This is 1,600 years of Romany history in less than an hour. It comes complete with time travel, characters from every epoch, and some cracking good theatre. But this is much more than a play. It’s a social history of Gypsy and Traveller people dramatised through storytelling and acting.
The performance starts with the spotlight on the vardo – that beautifully crafted Gypsy wagon we know from storybooks. Of course, most Travellers today – as Crystal, our heroine, reminds us – live in trailers.
She opens the back hatch of the caravan and addresses the audience.
“What are you staring at! Never seen a vardo before?”
She slams the doors shut.
This vardo belonged to her grandfather and she loves it. But today there are other things on her mind. She is fed up with the racist bullying at school and is considering flunking lessons.
That’s the cue for the vardo to transform into a TARDIS that journeys back in time. We start in AD 400 and follow the Romany’s route of dispossession, criminalisation and extermination: from the Middle East to southern and central Europe. We pursue the trail into discriminatory legislation and practices that still exist in 21st century Britain.
Crystal (Kavanagh Rose-Rattigan) is on stage for the whole performance – and she draws us into this temporal journey with tenderness and conviction. Alongside her, two other actors (Jasmine Atkins-Smart and Hadleigh Harrison) transform themselves into a dozen roles across 16 centuries with their rapid and compelling costume changes. It’s a visual delight while the musical background complements, without upstaging, the action.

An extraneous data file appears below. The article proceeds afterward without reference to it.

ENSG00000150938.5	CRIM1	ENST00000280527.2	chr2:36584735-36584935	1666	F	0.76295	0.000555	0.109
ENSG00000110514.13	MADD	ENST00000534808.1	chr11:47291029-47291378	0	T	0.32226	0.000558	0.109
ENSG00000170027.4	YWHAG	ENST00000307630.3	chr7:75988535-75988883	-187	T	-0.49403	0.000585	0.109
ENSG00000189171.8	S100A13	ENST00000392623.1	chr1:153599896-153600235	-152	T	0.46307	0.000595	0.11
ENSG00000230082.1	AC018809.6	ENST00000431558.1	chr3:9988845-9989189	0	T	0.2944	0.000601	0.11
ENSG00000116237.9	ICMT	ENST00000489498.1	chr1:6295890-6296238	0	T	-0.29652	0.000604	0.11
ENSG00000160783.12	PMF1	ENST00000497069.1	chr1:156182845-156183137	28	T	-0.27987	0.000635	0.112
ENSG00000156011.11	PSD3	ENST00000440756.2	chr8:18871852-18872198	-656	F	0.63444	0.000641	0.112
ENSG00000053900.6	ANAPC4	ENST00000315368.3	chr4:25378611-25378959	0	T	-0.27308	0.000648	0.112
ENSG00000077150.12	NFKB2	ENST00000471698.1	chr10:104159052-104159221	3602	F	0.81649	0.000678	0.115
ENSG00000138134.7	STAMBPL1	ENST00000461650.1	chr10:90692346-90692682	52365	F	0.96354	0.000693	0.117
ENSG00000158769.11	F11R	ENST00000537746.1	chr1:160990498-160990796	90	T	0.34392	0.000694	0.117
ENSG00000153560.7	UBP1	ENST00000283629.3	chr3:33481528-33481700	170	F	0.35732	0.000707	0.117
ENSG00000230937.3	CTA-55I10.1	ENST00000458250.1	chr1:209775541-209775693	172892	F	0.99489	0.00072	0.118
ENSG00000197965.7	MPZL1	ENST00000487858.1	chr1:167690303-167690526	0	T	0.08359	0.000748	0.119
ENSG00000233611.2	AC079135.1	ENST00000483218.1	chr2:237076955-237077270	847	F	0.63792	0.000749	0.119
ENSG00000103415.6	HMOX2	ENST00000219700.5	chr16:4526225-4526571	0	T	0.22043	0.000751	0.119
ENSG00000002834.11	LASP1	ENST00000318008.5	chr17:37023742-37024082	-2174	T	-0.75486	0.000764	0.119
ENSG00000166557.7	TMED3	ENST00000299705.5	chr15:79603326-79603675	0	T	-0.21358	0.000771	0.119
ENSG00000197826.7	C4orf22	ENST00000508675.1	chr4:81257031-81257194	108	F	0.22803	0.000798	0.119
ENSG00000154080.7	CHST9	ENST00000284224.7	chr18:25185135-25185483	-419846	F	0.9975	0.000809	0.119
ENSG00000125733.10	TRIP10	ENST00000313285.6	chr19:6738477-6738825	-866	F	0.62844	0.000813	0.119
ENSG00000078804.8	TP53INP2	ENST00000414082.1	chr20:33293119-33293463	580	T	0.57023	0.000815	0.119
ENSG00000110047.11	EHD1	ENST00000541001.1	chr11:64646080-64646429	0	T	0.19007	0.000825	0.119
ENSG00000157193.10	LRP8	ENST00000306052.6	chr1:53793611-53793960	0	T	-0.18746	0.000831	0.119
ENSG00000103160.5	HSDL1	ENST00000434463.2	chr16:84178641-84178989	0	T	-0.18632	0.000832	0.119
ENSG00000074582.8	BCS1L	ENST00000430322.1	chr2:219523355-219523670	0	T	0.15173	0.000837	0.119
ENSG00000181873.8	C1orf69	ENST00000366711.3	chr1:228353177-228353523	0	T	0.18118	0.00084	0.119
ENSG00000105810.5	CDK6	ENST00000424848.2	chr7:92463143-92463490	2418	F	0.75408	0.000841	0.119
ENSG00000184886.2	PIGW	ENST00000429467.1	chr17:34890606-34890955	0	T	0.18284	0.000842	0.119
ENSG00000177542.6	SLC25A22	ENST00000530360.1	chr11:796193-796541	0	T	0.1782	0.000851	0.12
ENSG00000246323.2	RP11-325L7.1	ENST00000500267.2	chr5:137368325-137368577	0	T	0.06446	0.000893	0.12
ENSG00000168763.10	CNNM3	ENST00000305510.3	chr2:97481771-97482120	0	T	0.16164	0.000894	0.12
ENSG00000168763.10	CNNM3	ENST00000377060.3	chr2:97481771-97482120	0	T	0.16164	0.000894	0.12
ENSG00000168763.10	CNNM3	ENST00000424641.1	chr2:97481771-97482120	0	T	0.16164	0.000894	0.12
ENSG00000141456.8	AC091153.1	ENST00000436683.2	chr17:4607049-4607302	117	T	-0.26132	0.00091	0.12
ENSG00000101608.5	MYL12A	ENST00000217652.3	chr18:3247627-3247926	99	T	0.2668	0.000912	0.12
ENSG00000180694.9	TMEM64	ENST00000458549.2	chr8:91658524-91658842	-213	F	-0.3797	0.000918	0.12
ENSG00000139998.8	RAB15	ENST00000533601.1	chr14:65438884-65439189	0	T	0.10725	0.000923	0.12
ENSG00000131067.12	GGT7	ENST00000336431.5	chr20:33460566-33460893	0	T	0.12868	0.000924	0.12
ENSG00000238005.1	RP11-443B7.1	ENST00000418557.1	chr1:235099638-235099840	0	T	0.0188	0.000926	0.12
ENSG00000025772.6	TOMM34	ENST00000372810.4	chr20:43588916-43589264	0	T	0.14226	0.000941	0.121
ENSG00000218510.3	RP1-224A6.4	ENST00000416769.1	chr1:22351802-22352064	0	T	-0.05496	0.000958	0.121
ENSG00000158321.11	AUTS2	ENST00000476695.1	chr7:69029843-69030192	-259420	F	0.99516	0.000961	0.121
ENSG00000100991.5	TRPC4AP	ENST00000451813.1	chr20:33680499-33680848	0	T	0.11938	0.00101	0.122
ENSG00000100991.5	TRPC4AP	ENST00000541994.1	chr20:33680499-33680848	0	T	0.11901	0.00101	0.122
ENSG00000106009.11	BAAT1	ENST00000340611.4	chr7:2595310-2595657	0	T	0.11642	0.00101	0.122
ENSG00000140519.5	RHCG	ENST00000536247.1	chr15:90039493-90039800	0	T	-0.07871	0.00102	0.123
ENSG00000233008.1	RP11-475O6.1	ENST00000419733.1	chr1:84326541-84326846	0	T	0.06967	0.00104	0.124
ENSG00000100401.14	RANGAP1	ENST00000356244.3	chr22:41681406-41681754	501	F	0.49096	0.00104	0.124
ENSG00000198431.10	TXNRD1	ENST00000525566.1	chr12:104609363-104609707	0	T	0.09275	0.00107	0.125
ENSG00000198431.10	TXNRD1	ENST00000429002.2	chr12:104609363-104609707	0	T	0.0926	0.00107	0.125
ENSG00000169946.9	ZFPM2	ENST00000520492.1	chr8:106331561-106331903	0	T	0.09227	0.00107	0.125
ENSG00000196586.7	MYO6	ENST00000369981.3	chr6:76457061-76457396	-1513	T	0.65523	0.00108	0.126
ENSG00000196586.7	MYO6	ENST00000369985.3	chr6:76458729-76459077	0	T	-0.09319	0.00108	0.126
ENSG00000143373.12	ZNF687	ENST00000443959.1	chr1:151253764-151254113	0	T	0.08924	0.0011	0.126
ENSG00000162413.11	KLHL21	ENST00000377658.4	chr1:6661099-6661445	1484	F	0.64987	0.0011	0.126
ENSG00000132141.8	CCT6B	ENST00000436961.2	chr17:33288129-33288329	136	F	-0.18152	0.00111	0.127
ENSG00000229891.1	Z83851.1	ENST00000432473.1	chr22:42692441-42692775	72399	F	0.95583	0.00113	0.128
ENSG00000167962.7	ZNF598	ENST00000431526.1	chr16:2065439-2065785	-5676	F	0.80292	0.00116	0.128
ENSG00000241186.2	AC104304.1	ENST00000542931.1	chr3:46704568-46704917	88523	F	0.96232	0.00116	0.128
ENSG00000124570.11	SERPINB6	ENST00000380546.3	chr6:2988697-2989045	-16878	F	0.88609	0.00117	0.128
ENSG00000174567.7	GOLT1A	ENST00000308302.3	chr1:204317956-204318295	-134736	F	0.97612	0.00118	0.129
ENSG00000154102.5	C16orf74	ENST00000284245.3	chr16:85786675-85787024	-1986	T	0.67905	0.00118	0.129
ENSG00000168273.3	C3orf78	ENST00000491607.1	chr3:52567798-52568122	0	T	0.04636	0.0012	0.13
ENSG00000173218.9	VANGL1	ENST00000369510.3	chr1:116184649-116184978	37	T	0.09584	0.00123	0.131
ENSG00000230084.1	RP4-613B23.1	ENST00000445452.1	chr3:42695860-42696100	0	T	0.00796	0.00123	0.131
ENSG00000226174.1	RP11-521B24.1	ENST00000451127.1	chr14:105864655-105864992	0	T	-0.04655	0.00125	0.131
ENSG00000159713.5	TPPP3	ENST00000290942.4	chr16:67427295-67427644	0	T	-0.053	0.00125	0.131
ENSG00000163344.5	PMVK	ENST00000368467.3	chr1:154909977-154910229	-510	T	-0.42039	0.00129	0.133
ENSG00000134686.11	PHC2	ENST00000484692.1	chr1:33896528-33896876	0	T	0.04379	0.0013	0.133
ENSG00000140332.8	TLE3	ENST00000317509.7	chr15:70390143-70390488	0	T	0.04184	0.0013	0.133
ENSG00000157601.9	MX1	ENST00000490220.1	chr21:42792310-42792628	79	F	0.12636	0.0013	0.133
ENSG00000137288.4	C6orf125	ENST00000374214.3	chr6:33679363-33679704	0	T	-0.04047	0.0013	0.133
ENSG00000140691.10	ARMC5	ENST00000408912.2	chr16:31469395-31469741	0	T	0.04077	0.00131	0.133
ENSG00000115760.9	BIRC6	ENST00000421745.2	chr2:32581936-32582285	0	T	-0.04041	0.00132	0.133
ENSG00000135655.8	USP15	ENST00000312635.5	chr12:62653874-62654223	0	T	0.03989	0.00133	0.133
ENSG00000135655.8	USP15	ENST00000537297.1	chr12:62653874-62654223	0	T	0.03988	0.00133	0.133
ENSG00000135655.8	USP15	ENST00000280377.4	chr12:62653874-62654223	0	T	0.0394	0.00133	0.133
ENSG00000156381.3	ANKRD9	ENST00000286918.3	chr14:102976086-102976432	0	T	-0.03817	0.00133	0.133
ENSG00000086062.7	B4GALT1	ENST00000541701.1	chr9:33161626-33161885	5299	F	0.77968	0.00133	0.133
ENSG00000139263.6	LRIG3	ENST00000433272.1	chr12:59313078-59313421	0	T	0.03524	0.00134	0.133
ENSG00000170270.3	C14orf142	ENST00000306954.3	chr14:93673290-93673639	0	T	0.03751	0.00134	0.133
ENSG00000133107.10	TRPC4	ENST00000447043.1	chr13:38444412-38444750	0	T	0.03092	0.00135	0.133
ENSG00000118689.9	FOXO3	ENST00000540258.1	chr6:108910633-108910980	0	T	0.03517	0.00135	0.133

This is an ambitious hybrid format involving theatre, storytelling, historical reconstruction and political education. It is compelling across all those dimensions. At times, we may want greater grief or anger from our heroine – but this would be to mistake the complexity of the role which combines part actor, part narrator and part protagonist. At other times, the script can feel overly linear as it proceeds in a straight line across the centuries – but this does help the audience locate themselves in a long (and horrific) history.
This performance is an enormously important achievement. It remains entertaining while also raising awareness about the racism and injustice faced by Gypsies and Travellers today. But it’s never hectoring.
Crystal’s Vardo, written by Suzanna King, was first performed at the Pavilion Theatre in Brighton during June 2012. Since then it has played at theatres and storytelling festivals; for health and police professionals or in prisons; and at events for teachers or pupils in schools throughout England. You can also book Crystal’s Vardo by contacting Suzanna King at the Friends, Families and Travellers charity in Brighton, who can offer a post-performance workshop for adults or children.
So, go see a vardo, and the life behind it. As Crystal says: “We’re still here!”
Rialto Theatre, Wednesday 27th June 2018
Words by Mike Aiken
Photo by Francesca Moore